Before you read on, answer this: What’s the worst thing your significant other does?
Does she put you down in front of friends? Reject your advances night after night? Ignore you but make time for others? “Forget” to take care of the simplest request?
Your answer may reveal how you speak The Five Love Languages. Gary Chapman’s huge bestseller taught us that when it comes to expressing love, sadly, partners seldom share the same language. What you resent most is a clue to whether your “language” is words, touch, deeds or some other form of communication.
Thirty years of counseling have convinced me that the women whose romantic husbands shower them with flowers and cards are the ones who wish that just once their spouses would clean up a little. Meanwhile, the women whose husbands are cooking, cleaning and caring for kids long for romantic gifts.
Is the point that women can’t be satisfied? Of course not. It’s that we blindly try to express love in ways that feel right to us, without figuring out what would feel best to our partners. Spouses say “I love you” in ways that don’t even show up on the other person’s radar.
In cultural diversity training, it’s called the Platinum Rule. Instead of “Treat others the way you would want to be treated,” you “Treat others the way they wish to be treated.”
Read about the love languages below, and decide which one or two you speak. Think harder about which ones matter most to your spouse.
Love Language Number One is Words of Affirmation. To speak this language, encourage and compliment your partner. Don’t disrespect your partner, ever. Our officers seem to crave this. Chapman, whose work is sprinkled with religious references, quotes King Solomon, saying, “The tongue has the power of life and death.”
The second love language is Quality Time—giving someone your undivided attention. Just breathing the same air isn’t spending quality time together. Friendly, uninterrupted conversations are key here.
Next, Love Language Number Three is Gift-Giving. This group cares about symbols and might question love without physical tokens of it. If you freak out at the thought of taking your wedding band off – and I’ve had mine off only to get it re-sized and for CAT scans – this one’s important to you.
The gifts do not have to be expensive—a single flower, a cookie or a card will do. Once, when Shell was handing out rare cash bonuses, my husband wrote a note about something I did right and taped a quarter to it. I still carry my “cash award.”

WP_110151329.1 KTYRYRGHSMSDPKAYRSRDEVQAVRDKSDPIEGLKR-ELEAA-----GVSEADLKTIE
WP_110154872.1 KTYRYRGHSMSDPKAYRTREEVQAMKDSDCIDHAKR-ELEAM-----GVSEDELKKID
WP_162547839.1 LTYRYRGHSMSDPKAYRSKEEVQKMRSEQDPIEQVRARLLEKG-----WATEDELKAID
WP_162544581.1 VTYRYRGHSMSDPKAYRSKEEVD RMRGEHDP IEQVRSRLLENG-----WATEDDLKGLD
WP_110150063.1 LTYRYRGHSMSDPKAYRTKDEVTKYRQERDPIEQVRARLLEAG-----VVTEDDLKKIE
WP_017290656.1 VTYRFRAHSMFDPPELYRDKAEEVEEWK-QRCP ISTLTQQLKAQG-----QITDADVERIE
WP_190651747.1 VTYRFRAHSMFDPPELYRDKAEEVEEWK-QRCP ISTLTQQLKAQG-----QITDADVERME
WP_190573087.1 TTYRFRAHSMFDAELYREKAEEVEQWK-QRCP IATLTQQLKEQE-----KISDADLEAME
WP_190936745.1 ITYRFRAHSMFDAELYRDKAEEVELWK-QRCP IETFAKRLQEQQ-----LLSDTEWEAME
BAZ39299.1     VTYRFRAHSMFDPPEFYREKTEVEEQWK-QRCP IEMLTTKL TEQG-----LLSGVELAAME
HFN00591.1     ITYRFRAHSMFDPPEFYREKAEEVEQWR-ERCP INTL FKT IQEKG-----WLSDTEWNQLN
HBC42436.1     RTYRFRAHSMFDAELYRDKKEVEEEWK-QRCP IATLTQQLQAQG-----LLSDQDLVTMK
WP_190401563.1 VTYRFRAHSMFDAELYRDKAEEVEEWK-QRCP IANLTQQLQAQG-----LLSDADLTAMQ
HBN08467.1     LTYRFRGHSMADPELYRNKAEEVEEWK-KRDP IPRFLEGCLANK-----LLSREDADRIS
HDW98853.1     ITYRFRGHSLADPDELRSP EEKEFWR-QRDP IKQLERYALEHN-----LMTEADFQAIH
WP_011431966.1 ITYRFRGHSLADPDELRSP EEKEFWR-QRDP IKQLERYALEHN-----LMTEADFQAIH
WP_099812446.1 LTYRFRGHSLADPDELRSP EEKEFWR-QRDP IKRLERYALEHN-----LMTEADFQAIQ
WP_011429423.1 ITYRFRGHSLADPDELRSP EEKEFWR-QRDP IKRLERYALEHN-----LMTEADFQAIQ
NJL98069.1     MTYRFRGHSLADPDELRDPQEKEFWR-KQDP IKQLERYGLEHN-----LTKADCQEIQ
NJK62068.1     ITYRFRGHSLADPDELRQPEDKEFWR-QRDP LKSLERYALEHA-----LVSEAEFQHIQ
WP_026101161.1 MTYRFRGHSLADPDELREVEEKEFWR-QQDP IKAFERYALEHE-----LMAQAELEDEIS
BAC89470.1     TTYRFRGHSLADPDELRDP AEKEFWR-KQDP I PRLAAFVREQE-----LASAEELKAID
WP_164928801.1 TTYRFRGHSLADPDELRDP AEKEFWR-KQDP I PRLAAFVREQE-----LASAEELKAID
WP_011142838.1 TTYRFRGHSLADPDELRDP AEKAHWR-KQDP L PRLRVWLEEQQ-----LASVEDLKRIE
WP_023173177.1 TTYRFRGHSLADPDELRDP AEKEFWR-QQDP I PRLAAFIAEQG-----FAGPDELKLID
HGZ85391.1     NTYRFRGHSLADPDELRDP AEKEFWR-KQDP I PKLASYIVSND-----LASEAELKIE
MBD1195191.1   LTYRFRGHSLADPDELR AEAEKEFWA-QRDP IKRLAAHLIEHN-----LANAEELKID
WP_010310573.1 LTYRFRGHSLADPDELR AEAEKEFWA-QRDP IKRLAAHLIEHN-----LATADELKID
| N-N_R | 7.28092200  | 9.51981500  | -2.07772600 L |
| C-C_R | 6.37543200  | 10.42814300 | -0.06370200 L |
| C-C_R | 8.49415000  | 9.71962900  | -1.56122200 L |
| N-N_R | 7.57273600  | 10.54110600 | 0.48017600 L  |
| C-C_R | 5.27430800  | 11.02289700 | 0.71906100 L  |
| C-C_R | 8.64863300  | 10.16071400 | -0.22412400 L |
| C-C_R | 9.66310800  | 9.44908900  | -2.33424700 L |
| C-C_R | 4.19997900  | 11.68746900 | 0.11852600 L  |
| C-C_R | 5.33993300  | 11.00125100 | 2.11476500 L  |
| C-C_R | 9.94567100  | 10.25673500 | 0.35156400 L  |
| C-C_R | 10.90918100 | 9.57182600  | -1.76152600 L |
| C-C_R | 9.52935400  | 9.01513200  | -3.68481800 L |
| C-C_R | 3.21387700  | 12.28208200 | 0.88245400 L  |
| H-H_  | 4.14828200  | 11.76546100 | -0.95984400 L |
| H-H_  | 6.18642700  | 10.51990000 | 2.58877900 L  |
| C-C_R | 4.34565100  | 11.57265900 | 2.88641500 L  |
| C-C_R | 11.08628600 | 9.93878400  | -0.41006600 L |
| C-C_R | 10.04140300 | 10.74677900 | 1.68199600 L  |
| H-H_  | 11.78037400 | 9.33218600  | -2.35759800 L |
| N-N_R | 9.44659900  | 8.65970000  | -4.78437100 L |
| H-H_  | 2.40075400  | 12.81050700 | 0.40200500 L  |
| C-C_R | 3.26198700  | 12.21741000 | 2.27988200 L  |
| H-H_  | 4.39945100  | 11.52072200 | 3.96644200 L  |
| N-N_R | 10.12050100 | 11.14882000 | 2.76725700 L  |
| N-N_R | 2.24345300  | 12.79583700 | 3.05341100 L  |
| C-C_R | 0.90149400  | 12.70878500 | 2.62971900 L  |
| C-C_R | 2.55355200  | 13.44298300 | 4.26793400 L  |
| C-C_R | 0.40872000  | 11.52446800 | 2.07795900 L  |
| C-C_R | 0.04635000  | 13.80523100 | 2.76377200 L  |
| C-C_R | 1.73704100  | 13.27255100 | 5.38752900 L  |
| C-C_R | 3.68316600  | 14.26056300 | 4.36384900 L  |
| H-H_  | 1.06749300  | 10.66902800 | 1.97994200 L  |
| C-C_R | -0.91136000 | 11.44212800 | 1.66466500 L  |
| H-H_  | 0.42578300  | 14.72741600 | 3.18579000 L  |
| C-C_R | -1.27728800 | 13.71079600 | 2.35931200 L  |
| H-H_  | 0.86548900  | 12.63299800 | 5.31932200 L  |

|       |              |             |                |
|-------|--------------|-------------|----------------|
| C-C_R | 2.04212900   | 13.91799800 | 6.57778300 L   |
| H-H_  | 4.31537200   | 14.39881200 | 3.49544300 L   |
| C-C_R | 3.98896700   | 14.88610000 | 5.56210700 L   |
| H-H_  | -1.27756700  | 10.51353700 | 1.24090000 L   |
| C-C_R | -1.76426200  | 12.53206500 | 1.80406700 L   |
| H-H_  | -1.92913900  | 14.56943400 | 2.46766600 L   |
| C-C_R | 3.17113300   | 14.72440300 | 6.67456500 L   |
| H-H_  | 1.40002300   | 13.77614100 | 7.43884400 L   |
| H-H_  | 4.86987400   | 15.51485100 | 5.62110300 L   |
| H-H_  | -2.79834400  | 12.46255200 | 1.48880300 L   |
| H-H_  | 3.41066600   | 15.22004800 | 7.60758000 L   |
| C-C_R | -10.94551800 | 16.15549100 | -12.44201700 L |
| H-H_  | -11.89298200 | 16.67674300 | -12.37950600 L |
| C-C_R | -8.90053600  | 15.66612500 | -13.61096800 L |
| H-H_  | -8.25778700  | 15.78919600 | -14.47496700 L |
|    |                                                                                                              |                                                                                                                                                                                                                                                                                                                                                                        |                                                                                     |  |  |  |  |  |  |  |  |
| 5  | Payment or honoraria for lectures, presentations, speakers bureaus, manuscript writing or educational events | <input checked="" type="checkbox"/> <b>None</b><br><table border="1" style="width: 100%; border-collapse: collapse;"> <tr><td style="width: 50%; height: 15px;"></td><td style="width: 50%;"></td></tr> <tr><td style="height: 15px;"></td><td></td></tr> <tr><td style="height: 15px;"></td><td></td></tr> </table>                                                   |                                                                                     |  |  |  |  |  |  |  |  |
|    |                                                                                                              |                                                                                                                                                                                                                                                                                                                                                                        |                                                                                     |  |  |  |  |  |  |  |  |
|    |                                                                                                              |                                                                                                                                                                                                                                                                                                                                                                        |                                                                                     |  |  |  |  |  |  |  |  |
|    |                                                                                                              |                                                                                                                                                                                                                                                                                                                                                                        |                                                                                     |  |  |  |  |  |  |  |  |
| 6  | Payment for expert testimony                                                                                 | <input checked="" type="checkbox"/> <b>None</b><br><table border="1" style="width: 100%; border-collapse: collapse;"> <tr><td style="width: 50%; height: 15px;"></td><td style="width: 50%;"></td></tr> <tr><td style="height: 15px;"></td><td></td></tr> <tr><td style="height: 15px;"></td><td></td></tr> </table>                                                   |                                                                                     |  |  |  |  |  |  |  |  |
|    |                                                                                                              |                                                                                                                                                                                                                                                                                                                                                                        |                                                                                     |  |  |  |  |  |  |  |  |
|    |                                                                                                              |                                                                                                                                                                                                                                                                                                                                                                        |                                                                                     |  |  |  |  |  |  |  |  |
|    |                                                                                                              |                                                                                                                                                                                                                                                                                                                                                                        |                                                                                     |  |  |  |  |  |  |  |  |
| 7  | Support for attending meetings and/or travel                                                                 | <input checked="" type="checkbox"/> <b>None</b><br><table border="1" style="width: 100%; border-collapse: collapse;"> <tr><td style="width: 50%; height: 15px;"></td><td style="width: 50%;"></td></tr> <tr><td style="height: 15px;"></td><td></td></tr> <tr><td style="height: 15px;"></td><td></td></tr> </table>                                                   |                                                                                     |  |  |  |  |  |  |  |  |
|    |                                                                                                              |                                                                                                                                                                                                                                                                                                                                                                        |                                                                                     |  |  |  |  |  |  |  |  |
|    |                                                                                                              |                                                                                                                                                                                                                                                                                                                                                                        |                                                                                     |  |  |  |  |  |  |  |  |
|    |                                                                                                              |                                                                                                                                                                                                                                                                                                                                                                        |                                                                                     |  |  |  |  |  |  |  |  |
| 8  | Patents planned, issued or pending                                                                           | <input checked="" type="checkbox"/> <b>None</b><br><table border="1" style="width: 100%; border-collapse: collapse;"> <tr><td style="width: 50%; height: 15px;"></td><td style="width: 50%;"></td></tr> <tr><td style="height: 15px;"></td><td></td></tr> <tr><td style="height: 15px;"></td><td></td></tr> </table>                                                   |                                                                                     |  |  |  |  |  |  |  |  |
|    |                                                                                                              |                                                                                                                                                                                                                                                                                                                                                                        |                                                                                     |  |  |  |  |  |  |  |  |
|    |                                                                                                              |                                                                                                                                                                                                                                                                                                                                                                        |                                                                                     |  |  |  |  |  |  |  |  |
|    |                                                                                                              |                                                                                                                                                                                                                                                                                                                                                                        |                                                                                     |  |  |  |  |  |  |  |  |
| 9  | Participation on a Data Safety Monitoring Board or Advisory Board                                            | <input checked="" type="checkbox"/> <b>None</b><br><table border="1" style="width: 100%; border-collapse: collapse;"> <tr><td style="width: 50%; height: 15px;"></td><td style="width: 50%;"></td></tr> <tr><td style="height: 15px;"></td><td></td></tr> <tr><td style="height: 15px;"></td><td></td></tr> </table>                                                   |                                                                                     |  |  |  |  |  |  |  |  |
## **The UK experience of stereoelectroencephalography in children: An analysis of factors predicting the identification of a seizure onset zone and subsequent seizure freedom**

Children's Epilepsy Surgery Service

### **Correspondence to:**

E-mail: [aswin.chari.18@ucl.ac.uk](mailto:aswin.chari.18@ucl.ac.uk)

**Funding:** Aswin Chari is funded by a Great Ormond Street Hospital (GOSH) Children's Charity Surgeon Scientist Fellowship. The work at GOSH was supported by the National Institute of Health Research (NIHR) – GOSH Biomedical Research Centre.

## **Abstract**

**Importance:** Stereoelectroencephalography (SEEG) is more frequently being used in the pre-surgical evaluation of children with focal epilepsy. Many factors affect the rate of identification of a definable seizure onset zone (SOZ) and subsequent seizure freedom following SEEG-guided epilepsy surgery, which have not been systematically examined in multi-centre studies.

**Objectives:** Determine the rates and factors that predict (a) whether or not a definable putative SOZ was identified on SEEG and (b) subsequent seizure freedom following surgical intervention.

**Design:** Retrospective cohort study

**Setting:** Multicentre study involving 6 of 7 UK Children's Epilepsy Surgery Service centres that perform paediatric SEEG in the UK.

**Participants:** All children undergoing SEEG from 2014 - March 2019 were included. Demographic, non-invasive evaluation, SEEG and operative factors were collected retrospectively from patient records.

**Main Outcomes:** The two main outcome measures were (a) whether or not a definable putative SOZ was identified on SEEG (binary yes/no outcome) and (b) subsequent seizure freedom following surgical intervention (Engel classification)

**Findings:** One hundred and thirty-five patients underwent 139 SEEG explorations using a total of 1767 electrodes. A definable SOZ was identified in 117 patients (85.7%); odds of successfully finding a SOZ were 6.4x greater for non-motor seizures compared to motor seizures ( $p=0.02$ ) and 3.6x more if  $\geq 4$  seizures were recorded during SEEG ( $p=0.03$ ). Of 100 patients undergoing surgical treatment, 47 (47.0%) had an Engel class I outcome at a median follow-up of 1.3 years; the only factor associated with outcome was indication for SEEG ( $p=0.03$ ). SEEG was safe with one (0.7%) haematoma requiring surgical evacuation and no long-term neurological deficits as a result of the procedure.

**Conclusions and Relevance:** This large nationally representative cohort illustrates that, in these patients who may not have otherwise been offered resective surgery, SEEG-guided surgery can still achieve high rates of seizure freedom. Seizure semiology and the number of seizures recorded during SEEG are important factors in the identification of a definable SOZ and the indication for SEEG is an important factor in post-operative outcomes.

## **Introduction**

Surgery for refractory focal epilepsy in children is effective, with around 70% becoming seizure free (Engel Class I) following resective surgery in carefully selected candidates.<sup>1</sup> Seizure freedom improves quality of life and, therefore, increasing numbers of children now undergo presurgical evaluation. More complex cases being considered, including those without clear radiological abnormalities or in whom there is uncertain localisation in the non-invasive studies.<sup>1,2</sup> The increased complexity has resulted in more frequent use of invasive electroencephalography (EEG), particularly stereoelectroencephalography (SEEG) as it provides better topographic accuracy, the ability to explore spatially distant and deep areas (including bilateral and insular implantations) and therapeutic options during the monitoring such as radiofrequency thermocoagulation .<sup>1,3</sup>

Most marriages thrive on compliments, gifts and date nights. Not all. For some folks, “Actions speak louder than words.” Number Four is Acts of Service. This is your love language if you’re furious about your partner’s not doing the simple things, like turning out lights or running the vacuum cleaner.
Chapman told one puzzled husband, “Listen to me carefully: the love you feel when your wife expresses love by physical touch is the same love your wife feels when you do the laundry.” That’s why he sold 10 million books—because he gets across to people that what makes you feel loved is not necessarily what makes your partner feel loved. Failure to understand this makes for a stale marriage.
If your partner speaks the fifth language, Physical Touch, and it’s not happening, all the sweet gestures and words will seem like “Blah, blah, blah, I’m not paying attention.” To speak this love language, touch your partner as you go through a room, grab his hand as you’re walking together, or bump knees under a table. Or have sex—that works, too.
I hope I’ve sparked enough curiosity that you’ll take the free quiz on the website, 5lovelanguages.com, or even buy the book. Online, you’ll learn your primary love language or languages in 10 minutes. See if your partner will do the same.
The great thing about Chapman’s approach is it takes one. Your partner doesn’t need to work on the relationship, or even agree that anything is wrong. (As you take the quiz, listen to Michael Jackson singing, “I’m starting with the man in the mirror.”)
The book tells the story of one woman whose husband refused to come to counseling. Chapman told her to express her love in her husband’s language, Physical Touch, consistently, for six months. Every month she asked him how she was doing and used the feedback to fine tune her response. After a while, he realized real change had taken place.
At that point, following the doctor’s instructions, she continued speaking “Physical Touch” but added a weekly request for Quality Time, her language. They started with Scrabble. The marriage healed and the husband, once he was clued in, called Chapman a miracle worker.
I can’t guarantee you that learning your spouse’s love language will turn your relationship around. And maybe you’re okay with a marriage that is . . . acceptable. But I certainly invite you to try Chapman’s experiment and report back to me.